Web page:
Director Matt Schrader, in his directorial debut, takes us back to the beginning by explaining that silent films were never really silent. There was invariably live or recorded musical accompaniment to help muffle the sound of the projector. But it was Max Steiner's score for King Kong in 1933 that really changed the game. His music transformed that film from a schlocky special effects B-movie into a tense, thrilling cinematic experience.

This is so much more than a history of important and beautifully written scores. Director Schrader interviews most of the well-known film composers working today. He gains insight into their writing process, commentary on the ground-breakers who came before them, and uncovers how technology, new instruments, new styles, and a different approach are always in the works.

Some of those interviewed include Rachel Portman (the only female composer included here), Randy Newman, Danny Elfman, Atticus Ross and Trent Reznor, and Thomas Newman (son of Alfred). There is also a well-deserved segment reserved entirely for the great John Williams, and we get reminded of the revolutionary composers like Jerry Goldsmith (Planet of the Apes, Chinatown) and Bernard Hermann (Psycho), as well as Henry Mancini (The Pink Panther), Monty Norman (James Bond), and Ennio Morricone (classic westerns). A quick segment that proves quite entertaining focuses on Mark Mothersbaugh (formerly of Devo) telling the story of how he used a toy piano for the score of Rugrats, but regrettably no longer has possession of the little piano anymore.

Oscar winning composer Hans Zimmer is a recurring voice throughout and provides some structure to the numerous interviews and segments. It's quite humorous to see this highly accomplished, world-renowned composer in his early days as a keyboardist for The Buggles' "Video Killed the Radio Star" (the first video played on MTV). More importantly, Mr. Zimmer discusses the insecurities and pressures that go along with the job, and how change (such as his aggressive sounds) isn't always welcomed openly.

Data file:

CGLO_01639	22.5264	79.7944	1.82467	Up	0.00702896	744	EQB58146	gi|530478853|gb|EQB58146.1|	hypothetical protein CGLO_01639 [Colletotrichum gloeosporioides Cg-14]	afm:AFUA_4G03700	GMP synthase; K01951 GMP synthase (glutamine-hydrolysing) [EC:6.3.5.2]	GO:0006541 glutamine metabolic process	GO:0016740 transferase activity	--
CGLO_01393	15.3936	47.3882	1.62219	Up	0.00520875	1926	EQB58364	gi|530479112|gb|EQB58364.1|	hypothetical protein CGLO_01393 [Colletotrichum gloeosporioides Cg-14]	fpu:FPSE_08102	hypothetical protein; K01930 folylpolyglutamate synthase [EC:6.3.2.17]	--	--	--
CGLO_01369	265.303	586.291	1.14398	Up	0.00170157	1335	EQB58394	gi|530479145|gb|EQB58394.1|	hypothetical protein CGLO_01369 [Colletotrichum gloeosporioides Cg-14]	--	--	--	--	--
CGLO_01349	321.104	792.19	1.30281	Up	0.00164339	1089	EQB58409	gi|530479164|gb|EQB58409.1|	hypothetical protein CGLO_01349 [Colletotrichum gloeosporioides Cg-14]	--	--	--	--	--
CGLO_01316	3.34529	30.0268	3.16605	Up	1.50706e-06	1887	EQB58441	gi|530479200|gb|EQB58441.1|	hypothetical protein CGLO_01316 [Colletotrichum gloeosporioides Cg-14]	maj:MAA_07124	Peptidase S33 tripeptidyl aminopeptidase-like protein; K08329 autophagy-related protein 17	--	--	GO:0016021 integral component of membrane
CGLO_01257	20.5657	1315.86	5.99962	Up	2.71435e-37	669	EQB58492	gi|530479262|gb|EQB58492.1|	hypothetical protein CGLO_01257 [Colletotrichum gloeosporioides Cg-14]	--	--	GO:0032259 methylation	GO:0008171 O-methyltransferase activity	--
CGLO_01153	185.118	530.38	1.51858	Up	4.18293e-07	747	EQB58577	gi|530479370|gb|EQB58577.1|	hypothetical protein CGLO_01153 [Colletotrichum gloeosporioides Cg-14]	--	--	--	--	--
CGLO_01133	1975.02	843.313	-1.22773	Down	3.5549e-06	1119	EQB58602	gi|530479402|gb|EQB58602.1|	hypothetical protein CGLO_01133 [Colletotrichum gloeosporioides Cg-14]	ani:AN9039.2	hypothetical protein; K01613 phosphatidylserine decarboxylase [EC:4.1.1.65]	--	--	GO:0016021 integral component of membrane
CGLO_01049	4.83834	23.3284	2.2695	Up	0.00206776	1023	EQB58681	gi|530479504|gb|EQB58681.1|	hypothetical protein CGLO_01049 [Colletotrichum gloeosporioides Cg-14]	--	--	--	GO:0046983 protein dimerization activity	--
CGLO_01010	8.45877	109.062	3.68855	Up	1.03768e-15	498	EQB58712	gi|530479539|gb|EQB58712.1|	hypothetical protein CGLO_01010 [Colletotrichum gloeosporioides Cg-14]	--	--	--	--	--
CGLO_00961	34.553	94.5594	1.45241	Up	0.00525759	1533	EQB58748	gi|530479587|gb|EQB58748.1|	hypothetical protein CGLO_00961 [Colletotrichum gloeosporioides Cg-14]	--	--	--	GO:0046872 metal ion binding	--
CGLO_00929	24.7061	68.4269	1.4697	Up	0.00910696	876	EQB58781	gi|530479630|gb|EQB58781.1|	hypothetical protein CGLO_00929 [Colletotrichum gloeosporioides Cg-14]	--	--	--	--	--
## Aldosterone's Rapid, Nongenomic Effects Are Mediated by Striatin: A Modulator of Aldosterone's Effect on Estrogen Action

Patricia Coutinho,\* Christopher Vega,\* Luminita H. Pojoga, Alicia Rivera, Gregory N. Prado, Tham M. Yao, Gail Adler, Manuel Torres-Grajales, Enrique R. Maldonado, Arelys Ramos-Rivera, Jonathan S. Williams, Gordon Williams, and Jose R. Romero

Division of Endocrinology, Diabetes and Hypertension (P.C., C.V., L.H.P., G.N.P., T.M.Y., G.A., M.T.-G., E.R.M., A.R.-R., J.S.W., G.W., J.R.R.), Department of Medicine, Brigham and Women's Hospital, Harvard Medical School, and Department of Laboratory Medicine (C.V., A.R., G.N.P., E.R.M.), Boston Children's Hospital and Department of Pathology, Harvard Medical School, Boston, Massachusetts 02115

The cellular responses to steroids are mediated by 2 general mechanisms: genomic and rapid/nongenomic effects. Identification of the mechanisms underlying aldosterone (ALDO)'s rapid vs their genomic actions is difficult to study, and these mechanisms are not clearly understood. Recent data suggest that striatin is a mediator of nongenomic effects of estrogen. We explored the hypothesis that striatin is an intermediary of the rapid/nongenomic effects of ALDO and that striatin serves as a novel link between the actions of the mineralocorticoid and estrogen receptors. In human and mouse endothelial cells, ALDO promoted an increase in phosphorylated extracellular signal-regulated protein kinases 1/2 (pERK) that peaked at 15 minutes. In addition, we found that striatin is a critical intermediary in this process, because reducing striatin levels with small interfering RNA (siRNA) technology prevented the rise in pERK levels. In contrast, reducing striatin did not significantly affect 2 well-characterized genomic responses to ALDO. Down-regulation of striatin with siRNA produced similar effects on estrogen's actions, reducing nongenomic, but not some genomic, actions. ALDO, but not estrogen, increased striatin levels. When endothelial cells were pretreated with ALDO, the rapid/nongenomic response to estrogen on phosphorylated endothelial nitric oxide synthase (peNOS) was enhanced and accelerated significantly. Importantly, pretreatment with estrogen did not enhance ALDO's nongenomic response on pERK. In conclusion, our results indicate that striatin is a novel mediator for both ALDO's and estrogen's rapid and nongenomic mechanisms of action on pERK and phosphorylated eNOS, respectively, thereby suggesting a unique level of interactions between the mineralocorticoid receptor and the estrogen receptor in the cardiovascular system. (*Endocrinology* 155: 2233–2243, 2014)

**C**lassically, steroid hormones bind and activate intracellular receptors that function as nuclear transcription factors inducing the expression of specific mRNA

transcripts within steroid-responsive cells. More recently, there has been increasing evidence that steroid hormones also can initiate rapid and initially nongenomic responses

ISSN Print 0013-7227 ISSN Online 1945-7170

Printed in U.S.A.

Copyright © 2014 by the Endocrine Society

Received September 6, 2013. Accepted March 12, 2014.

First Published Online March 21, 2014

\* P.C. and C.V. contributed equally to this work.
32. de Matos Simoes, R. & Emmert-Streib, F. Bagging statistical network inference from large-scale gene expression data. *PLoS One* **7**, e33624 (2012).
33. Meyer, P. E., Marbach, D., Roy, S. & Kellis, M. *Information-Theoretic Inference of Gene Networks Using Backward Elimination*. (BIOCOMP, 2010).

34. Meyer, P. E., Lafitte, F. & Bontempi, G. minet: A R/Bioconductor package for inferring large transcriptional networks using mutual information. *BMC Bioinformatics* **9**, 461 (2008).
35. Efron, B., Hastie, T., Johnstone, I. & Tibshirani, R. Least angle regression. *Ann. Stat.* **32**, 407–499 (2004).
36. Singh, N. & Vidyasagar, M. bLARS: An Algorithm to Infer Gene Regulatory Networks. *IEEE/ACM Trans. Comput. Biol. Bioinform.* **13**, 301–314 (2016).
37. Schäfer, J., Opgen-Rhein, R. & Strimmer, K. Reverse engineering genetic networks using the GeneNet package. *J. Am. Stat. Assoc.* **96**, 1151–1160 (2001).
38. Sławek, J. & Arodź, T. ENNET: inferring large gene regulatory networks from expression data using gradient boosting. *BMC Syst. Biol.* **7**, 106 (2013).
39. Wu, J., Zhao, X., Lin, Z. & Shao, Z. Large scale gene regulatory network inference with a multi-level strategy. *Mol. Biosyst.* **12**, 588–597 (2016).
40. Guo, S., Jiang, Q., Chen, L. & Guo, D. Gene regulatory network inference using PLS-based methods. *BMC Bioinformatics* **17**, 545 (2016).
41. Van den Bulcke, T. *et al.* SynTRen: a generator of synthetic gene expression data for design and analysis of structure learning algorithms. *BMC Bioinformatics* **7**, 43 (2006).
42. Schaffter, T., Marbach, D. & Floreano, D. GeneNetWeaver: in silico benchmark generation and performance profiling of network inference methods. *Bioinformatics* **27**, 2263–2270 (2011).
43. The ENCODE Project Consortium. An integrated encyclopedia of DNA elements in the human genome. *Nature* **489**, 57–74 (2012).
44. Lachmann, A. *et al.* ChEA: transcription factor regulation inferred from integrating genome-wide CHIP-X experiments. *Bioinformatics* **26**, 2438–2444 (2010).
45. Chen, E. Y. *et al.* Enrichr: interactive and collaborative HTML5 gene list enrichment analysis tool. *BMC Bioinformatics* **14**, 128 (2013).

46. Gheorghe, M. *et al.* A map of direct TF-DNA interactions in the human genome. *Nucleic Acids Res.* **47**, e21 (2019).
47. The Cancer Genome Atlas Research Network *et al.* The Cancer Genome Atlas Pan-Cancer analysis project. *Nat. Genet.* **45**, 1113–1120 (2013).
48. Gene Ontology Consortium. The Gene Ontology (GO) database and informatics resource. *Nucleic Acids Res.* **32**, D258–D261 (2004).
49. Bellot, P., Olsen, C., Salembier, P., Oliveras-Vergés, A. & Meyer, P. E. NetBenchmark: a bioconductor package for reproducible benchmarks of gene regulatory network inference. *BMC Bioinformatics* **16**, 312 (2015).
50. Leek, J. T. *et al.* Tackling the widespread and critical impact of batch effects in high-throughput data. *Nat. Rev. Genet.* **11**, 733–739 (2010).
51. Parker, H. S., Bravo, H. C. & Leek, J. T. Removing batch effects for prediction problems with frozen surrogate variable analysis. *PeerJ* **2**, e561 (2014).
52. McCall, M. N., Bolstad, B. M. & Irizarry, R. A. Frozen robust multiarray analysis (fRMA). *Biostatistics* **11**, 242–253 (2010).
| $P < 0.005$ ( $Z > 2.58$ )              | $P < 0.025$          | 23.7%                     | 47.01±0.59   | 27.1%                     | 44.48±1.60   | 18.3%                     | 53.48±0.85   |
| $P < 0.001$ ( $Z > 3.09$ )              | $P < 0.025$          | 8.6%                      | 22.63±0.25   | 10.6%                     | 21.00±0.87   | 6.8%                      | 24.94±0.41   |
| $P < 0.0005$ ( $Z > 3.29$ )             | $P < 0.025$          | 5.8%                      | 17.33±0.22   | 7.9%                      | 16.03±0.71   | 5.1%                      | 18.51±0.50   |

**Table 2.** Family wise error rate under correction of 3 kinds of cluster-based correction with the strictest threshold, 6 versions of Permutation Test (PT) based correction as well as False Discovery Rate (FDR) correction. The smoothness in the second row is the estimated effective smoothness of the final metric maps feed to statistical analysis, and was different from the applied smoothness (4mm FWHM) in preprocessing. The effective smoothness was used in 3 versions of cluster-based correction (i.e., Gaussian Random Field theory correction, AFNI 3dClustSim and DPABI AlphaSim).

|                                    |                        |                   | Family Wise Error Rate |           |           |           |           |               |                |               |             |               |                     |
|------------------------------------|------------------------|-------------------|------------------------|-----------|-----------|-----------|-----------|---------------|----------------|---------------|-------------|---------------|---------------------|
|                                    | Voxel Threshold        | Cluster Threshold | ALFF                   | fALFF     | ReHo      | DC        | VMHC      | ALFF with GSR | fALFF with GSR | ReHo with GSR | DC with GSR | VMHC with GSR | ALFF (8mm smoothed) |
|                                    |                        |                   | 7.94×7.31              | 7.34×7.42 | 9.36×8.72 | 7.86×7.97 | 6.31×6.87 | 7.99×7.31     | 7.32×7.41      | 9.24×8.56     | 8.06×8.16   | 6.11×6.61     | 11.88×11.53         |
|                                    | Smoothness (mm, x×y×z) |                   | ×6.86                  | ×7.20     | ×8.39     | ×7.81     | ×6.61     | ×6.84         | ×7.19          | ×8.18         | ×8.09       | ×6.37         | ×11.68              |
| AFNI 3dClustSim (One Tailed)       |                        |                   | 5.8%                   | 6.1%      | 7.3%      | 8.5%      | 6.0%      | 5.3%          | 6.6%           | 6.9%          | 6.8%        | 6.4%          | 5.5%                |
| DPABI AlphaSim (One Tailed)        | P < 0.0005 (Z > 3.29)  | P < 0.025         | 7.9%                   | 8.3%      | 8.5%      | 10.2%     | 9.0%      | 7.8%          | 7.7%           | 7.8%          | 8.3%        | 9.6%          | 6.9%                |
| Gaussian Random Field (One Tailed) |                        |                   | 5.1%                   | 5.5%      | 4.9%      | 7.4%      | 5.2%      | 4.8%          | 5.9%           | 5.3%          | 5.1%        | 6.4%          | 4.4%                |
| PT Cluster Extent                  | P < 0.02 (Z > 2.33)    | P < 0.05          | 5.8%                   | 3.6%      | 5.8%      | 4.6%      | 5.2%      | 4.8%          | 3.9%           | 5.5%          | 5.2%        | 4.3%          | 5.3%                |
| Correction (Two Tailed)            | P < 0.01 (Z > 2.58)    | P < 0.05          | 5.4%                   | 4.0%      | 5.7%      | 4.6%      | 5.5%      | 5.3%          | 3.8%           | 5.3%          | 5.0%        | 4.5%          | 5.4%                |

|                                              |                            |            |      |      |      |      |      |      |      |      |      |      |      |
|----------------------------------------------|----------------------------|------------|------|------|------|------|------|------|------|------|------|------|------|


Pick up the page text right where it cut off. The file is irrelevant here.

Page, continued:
The technical aspects of creating the score are certainly not ignored. We get a glimpse inside Abbey Road Studios, and how thrilling it is for a composer to hear the live orchestra bring his or her music to life that first time. It also serves as a reminder that film composing employs a significant number of the live orchestral musicians working today, and that we all hope technology doesn't replace that imperfect beauty of the real thing.

Adding a scientific perspective was a nice touch. Learning that our brains respond to movie music in a similar manner to chocolate and sex made a great deal of sense, as I've often wondered if film scores are more manipulative or complementary in nature. If there is a disappointment in the film, it's that the recently deceased James Horner seems woefully short-changed, with only a brief post-credits segment featuring director James Cameron who, as usual, spends the time talking more about himself than the impact of Horner. This documentary is a must for movie lovers and music lovers, and on a personal note, made me miss my friend Adam very much. He would have certainly enjoyed this one and had a great deal to say about it.


12 of 29 people found this review helpful.  Was this review helpful to you? | Report this
Review this title | See all 28 user reviews »

Contribute to This Page

Stream Popular Action and Adventure Titles With Prime Video

Explore popular action and adventure titles available to stream with Prime Video.

Start your free trial



Recently Viewed